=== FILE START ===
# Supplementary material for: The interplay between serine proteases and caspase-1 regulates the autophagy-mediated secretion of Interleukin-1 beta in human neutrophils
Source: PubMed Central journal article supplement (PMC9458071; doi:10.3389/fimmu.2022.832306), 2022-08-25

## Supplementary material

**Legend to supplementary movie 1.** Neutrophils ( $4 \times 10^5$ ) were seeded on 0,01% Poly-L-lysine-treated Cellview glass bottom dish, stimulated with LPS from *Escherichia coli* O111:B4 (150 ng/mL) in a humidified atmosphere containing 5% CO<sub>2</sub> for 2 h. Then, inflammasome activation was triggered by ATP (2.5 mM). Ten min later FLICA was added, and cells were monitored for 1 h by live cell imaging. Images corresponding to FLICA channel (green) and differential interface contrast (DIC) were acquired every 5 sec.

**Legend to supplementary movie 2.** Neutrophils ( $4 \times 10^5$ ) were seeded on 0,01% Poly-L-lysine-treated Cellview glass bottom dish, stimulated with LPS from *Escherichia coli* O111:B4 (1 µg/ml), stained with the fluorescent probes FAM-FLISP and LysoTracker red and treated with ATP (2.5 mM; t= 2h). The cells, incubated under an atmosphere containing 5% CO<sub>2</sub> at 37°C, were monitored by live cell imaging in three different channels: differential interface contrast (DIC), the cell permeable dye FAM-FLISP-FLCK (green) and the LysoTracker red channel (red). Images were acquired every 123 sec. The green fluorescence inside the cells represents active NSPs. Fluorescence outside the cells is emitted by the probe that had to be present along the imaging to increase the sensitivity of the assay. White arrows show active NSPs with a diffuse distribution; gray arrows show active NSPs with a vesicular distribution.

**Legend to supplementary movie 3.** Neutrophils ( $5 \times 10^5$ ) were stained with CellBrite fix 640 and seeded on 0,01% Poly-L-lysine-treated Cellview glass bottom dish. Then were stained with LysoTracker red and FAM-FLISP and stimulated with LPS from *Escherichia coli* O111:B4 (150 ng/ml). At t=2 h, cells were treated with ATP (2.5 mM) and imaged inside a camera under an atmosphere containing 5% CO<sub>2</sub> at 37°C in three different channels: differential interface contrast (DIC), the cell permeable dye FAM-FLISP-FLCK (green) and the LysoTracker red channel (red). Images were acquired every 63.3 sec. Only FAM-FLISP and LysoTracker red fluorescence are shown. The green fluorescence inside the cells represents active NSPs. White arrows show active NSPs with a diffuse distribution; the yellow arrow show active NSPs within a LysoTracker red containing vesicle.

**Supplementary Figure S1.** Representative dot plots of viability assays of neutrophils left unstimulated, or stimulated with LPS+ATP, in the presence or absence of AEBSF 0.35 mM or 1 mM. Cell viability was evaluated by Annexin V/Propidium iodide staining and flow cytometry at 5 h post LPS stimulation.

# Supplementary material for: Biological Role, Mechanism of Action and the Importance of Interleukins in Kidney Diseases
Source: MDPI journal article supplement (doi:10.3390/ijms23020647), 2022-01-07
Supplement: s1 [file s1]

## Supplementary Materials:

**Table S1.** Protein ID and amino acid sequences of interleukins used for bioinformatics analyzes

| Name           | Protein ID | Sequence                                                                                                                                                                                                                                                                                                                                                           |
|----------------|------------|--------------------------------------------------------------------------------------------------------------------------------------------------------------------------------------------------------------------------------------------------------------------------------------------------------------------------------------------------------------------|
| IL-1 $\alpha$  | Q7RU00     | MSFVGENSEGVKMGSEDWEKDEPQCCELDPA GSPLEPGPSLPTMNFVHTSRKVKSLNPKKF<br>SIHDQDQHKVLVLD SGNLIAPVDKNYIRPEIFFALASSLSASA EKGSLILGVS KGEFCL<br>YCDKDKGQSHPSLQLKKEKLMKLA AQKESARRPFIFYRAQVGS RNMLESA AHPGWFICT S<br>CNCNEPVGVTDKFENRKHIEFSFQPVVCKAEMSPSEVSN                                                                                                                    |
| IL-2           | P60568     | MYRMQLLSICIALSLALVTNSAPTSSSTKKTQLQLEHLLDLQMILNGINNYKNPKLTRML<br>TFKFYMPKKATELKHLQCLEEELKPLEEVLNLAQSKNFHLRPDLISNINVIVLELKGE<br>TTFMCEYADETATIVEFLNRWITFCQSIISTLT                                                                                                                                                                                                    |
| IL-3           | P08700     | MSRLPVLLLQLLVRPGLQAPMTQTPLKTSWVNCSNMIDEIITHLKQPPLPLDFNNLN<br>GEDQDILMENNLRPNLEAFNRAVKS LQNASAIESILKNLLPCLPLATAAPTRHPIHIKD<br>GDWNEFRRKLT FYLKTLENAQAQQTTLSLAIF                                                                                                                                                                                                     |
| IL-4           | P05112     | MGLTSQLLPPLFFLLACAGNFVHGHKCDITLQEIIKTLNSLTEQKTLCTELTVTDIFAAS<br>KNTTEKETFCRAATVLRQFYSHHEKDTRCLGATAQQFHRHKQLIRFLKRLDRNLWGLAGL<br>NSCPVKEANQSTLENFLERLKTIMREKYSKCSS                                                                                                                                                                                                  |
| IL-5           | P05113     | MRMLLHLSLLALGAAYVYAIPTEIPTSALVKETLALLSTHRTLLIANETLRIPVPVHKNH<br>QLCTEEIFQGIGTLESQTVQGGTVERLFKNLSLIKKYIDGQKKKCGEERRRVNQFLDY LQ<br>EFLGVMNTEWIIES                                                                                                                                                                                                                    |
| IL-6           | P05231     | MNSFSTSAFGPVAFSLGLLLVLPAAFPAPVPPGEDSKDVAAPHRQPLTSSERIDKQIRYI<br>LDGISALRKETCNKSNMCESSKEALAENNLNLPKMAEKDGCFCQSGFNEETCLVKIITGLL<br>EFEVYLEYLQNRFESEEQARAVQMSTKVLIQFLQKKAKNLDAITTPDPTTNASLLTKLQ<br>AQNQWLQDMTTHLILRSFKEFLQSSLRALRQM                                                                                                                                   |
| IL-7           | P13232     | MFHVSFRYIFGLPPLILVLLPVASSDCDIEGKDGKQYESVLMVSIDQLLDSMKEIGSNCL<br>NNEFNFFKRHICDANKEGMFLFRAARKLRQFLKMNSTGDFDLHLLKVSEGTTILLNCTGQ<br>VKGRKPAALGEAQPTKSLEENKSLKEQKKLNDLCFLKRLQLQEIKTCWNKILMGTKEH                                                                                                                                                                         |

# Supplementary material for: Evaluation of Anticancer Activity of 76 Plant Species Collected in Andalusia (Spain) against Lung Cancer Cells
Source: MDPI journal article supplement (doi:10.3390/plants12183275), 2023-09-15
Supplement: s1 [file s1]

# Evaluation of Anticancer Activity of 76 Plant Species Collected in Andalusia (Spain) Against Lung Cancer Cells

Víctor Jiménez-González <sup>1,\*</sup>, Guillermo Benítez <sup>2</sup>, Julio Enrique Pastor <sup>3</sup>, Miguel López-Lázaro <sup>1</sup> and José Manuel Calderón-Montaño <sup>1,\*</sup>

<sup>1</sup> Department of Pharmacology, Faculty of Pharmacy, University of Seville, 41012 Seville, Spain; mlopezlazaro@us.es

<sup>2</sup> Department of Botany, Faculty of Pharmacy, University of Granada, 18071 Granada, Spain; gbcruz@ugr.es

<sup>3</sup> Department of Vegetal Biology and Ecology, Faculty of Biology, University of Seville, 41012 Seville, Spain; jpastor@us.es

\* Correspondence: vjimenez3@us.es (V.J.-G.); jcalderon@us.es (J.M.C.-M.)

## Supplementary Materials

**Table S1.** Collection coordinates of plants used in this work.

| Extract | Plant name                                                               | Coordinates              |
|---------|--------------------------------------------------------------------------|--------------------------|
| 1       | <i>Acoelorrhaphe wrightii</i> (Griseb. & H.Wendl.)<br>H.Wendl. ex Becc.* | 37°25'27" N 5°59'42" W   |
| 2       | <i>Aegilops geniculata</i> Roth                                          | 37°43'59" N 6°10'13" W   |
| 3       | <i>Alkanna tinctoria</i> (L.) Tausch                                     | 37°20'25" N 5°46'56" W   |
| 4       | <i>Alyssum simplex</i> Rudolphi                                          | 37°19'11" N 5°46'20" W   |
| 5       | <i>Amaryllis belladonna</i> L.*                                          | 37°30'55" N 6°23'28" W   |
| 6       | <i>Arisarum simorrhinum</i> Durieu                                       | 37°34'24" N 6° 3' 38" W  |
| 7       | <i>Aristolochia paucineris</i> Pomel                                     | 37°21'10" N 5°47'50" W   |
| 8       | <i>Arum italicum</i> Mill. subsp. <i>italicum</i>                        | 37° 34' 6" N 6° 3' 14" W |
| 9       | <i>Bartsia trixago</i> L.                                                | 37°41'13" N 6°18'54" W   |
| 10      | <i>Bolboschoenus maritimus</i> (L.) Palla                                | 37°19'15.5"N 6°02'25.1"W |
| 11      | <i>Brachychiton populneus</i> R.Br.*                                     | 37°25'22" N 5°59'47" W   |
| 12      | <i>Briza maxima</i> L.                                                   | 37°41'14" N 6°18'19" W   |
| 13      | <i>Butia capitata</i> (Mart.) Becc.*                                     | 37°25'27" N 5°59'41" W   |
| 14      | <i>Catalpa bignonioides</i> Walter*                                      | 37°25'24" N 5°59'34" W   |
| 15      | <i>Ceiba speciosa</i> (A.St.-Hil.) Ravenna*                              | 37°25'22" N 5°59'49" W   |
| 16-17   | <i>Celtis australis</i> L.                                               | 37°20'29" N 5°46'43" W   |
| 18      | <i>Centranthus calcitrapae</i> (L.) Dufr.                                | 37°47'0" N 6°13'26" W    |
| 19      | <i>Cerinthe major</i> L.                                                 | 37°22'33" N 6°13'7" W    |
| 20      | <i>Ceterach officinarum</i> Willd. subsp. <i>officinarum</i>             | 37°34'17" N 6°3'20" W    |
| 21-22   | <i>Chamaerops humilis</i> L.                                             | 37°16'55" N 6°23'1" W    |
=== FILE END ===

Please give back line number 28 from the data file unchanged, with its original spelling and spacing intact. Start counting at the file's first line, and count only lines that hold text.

<sup>2</sup> Department of Botany, Faculty of Pharmacy, University of Granada, 18071 Granada, Spain; gbcruz@ugr.es